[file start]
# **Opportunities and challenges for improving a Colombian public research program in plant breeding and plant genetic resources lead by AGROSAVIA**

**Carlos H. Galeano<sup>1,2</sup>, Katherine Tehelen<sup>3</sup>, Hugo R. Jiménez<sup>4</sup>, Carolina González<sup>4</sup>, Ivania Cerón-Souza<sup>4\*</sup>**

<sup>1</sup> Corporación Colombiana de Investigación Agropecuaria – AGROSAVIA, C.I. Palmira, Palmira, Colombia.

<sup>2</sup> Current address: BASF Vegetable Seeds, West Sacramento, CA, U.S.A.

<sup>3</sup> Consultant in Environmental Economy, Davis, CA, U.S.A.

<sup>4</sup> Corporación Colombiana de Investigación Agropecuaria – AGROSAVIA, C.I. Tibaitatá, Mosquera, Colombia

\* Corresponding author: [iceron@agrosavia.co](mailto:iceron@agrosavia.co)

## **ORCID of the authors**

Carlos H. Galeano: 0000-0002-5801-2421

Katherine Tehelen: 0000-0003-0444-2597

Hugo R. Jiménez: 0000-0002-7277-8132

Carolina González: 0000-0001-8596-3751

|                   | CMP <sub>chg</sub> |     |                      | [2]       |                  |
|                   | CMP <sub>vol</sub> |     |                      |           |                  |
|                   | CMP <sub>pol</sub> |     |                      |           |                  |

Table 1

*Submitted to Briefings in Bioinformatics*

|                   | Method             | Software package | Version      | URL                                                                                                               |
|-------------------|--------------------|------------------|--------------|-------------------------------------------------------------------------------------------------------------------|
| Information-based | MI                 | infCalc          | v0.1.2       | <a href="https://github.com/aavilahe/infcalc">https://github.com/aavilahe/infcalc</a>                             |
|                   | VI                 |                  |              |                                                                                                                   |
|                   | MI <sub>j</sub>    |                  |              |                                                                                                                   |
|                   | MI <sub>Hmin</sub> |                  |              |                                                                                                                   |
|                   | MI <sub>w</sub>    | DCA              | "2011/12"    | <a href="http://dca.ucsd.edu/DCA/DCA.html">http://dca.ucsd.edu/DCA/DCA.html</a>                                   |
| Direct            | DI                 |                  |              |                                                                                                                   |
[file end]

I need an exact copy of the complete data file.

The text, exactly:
# **Opportunities and challenges for improving a Colombian public research program in plant breeding and plant genetic resources lead by AGROSAVIA**

**Carlos H. Galeano<sup>1,2</sup>, Katherine Tehelen<sup>3</sup>, Hugo R. Jiménez<sup>4</sup>, Carolina González<sup>4</sup>, Ivania Cerón-Souza<sup>4\*</sup>**

<sup>1</sup> Corporación Colombiana de Investigación Agropecuaria – AGROSAVIA, C.I. Palmira, Palmira, Colombia.

<sup>2</sup> Current address: BASF Vegetable Seeds, West Sacramento, CA, U.S.A.

<sup>3</sup> Consultant in Environmental Economy, Davis, CA, U.S.A.

<sup>4</sup> Corporación Colombiana de Investigación Agropecuaria – AGROSAVIA, C.I. Tibaitatá, Mosquera, Colombia

\* Corresponding author: [iceron@agrosavia.co](mailto:iceron@agrosavia.co)

## **ORCID of the authors**

Carlos H. Galeano: 0000-0002-5801-2421

Katherine Tehelen: 0000-0003-0444-2597

Hugo R. Jiménez: 0000-0002-7277-8132

Carolina González: 0000-0001-8596-3751

|                   | CMP <sub>chg</sub> |     |                      | [2]       |                  |
|                   | CMP <sub>vol</sub> |     |                      |           |                  |
|                   | CMP <sub>pol</sub> |     |                      |           |                  |

Table 1

*Submitted to Briefings in Bioinformatics*

|                   | Method             | Software package | Version      | URL                                                                                                               |
|-------------------|--------------------|------------------|--------------|-------------------------------------------------------------------------------------------------------------------|
| Information-based | MI                 | infCalc          | v0.1.2       | <a href="https://github.com/aavilahe/infcalc">https://github.com/aavilahe/infcalc</a>                             |
|                   | VI                 |                  |              |                                                                                                                   |
|                   | MI <sub>j</sub>    |                  |              |                                                                                                                   |
|                   | MI <sub>Hmin</sub> |                  |              |                                                                                                                   |
|                   | MI <sub>w</sub>    | DCA              | "2011/12"    | <a href="http://dca.ucsd.edu/DCA/DCA.html">http://dca.ucsd.edu/DCA/DCA.html</a>                                   |
| Direct            | DI                 |                  |              |                                                                                                                   |